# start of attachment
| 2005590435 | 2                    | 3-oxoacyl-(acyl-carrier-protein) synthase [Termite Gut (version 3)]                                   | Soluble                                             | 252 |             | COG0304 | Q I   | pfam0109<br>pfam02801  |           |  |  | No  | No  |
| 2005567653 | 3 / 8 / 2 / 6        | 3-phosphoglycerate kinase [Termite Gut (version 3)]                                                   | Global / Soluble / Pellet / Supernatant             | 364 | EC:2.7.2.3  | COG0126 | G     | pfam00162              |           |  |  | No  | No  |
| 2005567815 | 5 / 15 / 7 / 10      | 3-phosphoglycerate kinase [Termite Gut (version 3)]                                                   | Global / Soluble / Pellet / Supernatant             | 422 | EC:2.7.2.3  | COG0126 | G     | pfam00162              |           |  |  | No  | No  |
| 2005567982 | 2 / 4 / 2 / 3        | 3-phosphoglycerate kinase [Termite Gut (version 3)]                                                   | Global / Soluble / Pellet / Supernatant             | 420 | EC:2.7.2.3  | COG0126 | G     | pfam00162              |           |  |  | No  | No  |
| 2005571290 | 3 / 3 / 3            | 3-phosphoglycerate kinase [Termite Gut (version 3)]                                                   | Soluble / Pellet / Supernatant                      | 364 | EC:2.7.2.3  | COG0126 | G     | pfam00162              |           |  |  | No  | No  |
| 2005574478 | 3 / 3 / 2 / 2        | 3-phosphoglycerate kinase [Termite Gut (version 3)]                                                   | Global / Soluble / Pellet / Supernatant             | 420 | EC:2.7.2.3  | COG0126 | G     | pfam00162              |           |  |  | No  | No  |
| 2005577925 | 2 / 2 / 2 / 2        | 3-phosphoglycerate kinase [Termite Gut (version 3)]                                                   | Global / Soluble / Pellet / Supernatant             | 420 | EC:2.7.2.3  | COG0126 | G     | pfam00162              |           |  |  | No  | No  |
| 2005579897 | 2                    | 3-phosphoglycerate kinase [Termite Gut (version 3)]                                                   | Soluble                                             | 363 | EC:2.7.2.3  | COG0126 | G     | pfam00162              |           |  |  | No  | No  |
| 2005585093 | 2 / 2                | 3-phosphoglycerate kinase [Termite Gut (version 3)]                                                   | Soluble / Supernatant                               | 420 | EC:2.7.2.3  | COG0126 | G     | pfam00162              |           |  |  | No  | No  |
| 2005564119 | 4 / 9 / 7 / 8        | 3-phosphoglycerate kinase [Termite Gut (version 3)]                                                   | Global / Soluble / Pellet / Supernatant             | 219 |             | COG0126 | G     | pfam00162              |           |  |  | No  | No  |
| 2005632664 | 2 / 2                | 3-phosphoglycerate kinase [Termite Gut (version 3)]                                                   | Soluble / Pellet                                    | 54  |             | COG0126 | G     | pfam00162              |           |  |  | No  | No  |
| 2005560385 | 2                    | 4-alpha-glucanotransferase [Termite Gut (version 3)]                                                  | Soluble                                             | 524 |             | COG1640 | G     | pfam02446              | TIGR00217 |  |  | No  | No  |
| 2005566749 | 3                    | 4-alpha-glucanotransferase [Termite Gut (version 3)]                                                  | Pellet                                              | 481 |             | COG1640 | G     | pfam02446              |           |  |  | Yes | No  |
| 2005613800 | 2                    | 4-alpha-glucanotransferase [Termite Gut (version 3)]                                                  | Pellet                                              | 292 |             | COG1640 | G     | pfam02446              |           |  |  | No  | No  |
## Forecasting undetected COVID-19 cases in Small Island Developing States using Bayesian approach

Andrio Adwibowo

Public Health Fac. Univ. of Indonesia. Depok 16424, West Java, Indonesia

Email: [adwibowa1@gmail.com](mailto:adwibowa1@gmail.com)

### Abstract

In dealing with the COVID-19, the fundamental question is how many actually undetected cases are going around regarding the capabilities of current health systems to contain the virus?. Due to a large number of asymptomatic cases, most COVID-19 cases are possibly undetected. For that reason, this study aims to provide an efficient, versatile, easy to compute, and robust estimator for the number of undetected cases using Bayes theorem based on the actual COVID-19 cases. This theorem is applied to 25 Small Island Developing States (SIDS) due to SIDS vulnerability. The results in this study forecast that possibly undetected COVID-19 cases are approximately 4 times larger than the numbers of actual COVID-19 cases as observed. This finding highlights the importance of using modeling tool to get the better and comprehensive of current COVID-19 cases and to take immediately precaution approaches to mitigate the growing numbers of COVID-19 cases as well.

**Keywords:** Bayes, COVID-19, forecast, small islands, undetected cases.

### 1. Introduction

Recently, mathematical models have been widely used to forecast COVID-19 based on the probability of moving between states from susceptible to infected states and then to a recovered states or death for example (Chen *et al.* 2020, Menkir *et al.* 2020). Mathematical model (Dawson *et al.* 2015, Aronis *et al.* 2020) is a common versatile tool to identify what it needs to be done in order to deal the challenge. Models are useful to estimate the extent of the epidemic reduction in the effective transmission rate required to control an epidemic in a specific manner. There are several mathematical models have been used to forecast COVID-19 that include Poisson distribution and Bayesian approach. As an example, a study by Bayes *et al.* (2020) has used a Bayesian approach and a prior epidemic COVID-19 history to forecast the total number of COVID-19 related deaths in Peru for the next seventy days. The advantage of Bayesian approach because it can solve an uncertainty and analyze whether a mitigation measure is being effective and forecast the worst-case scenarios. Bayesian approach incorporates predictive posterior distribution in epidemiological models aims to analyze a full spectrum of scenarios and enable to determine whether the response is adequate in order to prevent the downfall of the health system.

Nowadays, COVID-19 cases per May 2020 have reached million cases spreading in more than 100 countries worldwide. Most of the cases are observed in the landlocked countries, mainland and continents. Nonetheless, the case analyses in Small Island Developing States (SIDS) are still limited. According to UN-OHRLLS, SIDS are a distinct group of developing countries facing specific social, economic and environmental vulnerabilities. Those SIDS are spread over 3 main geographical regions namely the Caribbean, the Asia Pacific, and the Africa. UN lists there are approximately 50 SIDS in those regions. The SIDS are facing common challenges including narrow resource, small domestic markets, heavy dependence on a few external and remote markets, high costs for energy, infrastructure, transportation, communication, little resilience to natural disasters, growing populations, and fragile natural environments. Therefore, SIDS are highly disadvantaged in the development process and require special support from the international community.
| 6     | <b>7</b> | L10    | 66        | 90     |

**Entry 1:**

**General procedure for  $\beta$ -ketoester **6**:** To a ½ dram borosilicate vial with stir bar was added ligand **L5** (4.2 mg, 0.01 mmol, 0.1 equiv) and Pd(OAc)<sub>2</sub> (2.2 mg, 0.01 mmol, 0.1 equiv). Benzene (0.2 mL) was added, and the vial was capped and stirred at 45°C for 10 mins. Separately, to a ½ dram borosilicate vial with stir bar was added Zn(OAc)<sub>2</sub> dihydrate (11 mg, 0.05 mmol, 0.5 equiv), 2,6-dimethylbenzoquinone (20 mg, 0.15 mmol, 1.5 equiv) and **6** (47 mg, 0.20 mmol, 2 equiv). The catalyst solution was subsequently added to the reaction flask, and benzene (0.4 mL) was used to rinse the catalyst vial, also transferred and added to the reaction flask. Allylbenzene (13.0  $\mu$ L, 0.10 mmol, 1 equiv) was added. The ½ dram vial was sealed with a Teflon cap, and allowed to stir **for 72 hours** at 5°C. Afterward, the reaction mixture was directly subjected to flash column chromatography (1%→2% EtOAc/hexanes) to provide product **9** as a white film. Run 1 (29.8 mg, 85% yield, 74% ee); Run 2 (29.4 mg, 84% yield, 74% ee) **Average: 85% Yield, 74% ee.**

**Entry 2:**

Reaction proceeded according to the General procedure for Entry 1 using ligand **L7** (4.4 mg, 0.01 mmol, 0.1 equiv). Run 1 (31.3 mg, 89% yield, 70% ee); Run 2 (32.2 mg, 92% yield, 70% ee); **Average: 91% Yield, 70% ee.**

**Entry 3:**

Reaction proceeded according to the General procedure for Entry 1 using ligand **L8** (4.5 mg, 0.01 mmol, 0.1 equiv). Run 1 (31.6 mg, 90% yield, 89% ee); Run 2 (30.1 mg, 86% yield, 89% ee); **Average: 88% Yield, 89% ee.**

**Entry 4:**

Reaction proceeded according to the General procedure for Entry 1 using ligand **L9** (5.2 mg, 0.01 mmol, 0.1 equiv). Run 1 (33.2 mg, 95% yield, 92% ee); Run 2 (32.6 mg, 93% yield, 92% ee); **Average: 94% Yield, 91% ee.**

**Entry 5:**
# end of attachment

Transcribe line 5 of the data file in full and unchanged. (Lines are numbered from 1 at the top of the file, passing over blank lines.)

| 2005571290 | 3 / 3 / 3            | 3-phosphoglycerate kinase [Termite Gut (version 3)]                                                   | Soluble / Pellet / Supernatant                      | 364 | EC:2.7.2.3  | COG0126 | G     | pfam00162              |           |  |  | No  | No  |